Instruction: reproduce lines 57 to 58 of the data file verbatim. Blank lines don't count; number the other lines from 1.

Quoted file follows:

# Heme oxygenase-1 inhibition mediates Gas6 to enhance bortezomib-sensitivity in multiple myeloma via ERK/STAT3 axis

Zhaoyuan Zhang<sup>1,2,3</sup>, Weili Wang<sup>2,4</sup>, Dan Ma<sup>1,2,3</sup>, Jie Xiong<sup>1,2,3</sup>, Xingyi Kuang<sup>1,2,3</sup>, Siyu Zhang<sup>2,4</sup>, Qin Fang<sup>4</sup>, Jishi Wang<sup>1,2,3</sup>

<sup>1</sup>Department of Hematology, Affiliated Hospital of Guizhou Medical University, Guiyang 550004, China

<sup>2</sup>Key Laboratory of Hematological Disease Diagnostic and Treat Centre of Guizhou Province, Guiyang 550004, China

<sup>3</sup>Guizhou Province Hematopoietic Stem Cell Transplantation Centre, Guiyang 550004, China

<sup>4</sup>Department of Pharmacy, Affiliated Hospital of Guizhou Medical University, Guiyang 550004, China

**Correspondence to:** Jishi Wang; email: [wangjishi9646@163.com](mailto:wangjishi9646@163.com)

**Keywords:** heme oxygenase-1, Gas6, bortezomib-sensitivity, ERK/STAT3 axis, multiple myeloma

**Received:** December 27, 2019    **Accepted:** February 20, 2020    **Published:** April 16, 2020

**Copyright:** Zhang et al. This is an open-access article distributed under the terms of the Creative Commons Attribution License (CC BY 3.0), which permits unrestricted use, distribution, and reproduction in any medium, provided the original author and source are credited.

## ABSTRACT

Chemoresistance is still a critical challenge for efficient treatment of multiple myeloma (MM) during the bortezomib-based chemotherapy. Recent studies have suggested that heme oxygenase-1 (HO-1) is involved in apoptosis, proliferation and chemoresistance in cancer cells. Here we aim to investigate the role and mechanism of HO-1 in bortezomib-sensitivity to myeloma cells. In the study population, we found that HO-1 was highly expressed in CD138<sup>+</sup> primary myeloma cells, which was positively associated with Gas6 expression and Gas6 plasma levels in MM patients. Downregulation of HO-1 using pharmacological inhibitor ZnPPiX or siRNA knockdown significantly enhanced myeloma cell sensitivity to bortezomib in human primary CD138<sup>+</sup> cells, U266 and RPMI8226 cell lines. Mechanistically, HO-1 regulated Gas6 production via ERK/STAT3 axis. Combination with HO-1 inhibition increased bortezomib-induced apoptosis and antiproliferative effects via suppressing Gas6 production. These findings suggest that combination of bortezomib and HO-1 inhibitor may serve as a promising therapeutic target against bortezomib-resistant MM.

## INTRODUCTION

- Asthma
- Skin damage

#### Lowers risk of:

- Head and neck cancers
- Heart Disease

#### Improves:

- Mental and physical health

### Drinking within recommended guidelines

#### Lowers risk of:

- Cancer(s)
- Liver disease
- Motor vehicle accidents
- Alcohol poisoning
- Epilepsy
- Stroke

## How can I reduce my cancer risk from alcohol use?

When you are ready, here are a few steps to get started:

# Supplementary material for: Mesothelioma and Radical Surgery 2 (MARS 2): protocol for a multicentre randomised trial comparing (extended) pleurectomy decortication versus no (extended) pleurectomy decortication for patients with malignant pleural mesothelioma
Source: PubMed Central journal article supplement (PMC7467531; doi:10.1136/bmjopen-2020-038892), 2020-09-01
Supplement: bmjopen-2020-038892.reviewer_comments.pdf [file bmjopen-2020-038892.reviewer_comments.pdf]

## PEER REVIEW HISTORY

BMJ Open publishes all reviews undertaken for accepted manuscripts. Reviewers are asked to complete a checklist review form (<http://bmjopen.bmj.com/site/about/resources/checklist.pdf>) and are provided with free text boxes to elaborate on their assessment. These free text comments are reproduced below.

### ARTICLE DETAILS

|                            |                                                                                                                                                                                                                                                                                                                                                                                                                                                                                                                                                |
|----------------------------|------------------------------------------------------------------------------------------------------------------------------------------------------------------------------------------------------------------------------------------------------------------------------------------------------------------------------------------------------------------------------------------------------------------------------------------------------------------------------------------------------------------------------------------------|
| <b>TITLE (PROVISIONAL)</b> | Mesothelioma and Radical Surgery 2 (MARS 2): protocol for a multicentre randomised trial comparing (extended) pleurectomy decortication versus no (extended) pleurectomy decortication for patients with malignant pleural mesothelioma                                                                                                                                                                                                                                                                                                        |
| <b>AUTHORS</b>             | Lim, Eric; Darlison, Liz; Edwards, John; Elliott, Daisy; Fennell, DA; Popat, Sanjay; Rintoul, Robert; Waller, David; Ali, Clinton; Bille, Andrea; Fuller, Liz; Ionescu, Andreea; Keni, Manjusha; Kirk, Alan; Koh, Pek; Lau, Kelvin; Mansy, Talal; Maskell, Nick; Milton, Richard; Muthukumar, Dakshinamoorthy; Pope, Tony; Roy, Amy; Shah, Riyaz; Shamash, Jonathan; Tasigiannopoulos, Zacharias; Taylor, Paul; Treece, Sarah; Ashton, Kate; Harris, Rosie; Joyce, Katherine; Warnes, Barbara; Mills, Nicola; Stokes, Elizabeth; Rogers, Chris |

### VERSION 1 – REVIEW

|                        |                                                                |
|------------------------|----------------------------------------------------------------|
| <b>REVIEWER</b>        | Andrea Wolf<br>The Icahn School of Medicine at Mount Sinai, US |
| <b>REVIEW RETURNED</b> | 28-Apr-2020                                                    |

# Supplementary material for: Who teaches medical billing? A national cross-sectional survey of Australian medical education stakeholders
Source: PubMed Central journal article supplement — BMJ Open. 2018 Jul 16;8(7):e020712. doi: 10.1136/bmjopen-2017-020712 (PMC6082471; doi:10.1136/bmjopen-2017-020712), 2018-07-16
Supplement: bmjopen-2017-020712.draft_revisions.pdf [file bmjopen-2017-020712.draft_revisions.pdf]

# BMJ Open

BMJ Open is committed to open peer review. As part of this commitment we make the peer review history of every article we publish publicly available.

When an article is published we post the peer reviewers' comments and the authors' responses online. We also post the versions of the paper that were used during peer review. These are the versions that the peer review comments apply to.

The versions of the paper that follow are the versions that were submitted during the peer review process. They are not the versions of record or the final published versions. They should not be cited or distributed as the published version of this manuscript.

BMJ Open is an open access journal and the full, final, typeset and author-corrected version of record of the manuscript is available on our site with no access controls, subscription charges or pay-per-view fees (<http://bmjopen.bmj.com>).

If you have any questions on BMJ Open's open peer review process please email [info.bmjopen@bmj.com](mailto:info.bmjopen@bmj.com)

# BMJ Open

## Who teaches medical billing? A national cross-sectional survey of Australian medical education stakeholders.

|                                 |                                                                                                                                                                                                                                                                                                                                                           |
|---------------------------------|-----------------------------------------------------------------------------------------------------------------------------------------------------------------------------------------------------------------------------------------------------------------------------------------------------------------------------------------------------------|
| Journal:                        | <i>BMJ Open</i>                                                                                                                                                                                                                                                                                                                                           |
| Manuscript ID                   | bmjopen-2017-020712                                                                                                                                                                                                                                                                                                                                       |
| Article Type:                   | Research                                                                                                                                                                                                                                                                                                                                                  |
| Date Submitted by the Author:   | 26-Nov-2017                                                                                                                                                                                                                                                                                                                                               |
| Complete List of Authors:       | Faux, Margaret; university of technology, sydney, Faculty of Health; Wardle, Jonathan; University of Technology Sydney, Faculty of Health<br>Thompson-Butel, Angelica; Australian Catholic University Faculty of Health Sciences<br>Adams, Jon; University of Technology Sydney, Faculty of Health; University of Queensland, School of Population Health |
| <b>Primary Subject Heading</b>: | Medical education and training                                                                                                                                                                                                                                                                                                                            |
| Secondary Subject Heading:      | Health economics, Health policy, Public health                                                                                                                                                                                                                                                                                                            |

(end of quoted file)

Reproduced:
|                                 |                                                                                                                                                                                                                                                                                                                                                           |
|---------------------------------|-----------------------------------------------------------------------------------------------------------------------------------------------------------------------------------------------------------------------------------------------------------------------------------------------------------------------------------------------------------|